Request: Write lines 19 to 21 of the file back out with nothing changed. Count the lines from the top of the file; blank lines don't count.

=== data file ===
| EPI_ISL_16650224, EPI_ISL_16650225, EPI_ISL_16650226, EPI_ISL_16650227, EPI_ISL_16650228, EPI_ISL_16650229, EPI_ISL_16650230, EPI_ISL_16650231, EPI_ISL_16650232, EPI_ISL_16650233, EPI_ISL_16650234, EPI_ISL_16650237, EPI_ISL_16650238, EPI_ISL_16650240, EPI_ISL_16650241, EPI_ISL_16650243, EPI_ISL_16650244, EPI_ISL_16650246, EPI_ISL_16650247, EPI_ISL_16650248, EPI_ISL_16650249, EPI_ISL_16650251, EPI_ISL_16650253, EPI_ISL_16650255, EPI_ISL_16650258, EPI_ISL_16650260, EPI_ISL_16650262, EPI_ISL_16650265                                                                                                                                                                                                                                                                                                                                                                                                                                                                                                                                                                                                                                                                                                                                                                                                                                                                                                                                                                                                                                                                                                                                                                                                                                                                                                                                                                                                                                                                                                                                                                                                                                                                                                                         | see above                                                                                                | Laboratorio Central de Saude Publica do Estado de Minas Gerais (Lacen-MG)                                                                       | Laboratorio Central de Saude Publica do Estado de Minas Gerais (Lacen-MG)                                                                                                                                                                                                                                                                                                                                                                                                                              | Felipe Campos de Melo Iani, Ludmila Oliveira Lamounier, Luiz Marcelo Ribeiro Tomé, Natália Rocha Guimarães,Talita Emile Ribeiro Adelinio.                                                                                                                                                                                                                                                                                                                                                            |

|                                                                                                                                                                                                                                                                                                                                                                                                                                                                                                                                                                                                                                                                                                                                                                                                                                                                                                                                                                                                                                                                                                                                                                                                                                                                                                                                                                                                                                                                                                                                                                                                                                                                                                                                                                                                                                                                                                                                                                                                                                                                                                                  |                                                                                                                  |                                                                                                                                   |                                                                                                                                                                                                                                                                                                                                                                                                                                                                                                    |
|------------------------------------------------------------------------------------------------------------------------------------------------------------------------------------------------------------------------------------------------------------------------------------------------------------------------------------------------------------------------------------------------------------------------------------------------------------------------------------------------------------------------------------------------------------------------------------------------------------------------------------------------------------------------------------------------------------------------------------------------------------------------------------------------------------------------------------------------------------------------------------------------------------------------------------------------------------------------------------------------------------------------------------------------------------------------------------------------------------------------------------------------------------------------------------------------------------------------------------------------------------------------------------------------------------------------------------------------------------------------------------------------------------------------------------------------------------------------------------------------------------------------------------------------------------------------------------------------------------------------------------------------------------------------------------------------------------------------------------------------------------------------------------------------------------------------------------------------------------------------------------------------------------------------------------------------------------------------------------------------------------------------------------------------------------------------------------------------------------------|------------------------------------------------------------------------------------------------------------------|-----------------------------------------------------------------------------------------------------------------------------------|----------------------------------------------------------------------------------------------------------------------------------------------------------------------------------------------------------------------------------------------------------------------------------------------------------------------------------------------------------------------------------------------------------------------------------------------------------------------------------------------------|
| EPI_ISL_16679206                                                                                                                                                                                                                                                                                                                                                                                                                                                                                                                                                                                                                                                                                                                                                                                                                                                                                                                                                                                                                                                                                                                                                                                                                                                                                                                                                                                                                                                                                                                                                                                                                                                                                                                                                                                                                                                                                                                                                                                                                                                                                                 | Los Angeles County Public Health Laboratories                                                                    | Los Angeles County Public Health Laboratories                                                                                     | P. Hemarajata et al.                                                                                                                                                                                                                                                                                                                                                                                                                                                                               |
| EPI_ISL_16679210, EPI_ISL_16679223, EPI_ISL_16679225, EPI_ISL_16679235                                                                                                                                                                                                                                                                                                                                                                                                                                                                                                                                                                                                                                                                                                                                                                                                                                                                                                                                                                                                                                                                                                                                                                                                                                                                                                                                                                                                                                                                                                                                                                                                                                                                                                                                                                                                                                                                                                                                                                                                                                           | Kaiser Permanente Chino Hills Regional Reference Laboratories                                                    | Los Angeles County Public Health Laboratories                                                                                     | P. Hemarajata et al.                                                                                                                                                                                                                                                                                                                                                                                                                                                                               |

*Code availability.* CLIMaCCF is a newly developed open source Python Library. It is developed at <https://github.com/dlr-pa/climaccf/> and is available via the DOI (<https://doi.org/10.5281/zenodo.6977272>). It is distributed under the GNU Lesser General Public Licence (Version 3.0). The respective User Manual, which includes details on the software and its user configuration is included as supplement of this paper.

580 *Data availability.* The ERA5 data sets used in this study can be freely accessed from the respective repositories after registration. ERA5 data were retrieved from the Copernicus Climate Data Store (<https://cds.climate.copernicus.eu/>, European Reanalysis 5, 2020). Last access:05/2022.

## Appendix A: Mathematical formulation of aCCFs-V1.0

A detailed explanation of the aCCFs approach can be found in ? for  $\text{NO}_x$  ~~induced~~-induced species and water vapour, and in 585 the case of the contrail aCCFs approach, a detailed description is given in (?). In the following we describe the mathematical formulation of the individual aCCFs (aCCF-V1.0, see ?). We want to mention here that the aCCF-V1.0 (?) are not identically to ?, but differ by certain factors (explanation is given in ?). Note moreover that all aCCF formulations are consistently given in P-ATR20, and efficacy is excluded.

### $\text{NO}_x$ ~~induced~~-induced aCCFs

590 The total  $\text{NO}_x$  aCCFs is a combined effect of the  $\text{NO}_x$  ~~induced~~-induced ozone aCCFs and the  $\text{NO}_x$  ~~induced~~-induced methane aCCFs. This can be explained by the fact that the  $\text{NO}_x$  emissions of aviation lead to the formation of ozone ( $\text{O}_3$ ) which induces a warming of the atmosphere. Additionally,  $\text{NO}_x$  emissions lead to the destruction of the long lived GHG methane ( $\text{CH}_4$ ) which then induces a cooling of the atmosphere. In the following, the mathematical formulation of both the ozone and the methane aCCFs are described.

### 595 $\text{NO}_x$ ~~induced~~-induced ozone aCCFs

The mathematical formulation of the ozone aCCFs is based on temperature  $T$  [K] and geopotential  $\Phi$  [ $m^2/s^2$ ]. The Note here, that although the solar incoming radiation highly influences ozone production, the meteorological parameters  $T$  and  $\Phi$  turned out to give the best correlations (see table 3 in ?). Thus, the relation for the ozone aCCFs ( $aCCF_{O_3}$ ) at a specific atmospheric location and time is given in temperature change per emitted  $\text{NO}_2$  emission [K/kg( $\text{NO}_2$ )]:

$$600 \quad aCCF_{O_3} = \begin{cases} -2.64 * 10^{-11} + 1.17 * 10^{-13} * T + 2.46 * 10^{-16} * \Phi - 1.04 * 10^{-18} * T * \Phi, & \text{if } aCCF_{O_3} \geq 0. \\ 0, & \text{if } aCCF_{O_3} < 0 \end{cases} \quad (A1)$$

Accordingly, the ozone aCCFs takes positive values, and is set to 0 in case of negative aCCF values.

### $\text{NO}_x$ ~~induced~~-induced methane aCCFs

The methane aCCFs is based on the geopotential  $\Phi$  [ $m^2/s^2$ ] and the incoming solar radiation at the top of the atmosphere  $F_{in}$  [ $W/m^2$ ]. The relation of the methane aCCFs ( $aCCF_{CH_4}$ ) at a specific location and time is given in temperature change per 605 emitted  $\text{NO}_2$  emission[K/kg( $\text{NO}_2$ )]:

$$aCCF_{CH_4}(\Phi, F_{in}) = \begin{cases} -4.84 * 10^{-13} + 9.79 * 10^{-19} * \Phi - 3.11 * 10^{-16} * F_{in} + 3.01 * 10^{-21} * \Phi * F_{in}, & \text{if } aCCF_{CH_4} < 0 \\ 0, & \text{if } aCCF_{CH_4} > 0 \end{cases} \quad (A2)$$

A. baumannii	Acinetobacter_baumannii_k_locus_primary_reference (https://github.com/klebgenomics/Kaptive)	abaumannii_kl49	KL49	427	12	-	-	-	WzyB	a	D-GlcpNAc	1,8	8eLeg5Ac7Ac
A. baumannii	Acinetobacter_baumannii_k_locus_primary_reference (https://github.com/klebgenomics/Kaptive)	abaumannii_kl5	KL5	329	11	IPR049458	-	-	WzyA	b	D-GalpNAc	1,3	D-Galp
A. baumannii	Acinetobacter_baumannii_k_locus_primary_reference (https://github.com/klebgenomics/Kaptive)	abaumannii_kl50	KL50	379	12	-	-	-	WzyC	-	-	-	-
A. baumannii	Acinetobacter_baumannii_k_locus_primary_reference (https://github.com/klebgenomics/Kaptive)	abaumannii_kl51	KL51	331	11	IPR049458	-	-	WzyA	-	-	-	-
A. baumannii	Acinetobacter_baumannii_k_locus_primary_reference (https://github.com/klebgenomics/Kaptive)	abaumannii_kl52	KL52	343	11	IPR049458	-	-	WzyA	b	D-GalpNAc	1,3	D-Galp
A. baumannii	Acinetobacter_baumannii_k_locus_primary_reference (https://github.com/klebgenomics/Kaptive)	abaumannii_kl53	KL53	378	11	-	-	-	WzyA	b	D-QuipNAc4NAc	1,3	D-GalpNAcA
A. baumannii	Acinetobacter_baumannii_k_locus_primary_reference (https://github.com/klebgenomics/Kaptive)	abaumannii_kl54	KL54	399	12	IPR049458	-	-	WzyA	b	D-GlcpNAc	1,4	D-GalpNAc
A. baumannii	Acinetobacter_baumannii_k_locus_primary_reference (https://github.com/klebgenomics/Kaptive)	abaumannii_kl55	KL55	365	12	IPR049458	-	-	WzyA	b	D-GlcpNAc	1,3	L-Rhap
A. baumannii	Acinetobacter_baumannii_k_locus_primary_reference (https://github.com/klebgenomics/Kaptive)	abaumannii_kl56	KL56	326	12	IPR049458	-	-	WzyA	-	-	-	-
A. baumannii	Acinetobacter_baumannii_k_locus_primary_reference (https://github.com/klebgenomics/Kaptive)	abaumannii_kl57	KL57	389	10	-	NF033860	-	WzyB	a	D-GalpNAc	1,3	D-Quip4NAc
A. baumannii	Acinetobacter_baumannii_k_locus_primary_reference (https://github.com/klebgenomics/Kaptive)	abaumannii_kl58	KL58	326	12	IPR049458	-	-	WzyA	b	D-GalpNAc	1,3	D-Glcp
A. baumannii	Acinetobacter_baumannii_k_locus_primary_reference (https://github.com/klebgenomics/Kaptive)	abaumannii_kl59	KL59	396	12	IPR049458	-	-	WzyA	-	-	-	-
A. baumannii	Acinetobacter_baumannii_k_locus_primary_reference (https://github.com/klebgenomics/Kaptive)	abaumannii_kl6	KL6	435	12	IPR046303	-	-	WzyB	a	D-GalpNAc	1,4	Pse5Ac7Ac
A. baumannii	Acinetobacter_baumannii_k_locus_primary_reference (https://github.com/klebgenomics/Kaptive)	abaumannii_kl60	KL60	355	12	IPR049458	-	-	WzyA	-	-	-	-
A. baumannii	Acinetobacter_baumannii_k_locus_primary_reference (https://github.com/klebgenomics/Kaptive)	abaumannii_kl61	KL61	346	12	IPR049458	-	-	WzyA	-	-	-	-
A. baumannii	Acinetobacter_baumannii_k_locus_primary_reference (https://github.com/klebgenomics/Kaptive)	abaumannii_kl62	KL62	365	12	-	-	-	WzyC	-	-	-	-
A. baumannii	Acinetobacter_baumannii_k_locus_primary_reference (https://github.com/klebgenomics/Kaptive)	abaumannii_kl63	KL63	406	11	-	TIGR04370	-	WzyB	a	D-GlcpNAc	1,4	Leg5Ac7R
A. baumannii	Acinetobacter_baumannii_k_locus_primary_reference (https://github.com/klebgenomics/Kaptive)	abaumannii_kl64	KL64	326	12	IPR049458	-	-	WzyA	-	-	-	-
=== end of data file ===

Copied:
A. baumannii	Acinetobacter_baumannii_k_locus_primary_reference (https://github.com/klebgenomics/Kaptive)	abaumannii_kl49	KL49	427	12	-	-	-	WzyB	a	D-GlcpNAc	1,8	8eLeg5Ac7Ac
A. baumannii	Acinetobacter_baumannii_k_locus_primary_reference (https://github.com/klebgenomics/Kaptive)	abaumannii_kl5	KL5	329	11	IPR049458	-	-	WzyA	b	D-GalpNAc	1,3	D-Galp
A. baumannii	Acinetobacter_baumannii_k_locus_primary_reference (https://github.com/klebgenomics/Kaptive)	abaumannii_kl50	KL50	379	12	-	-	-	WzyC	-	-	-	-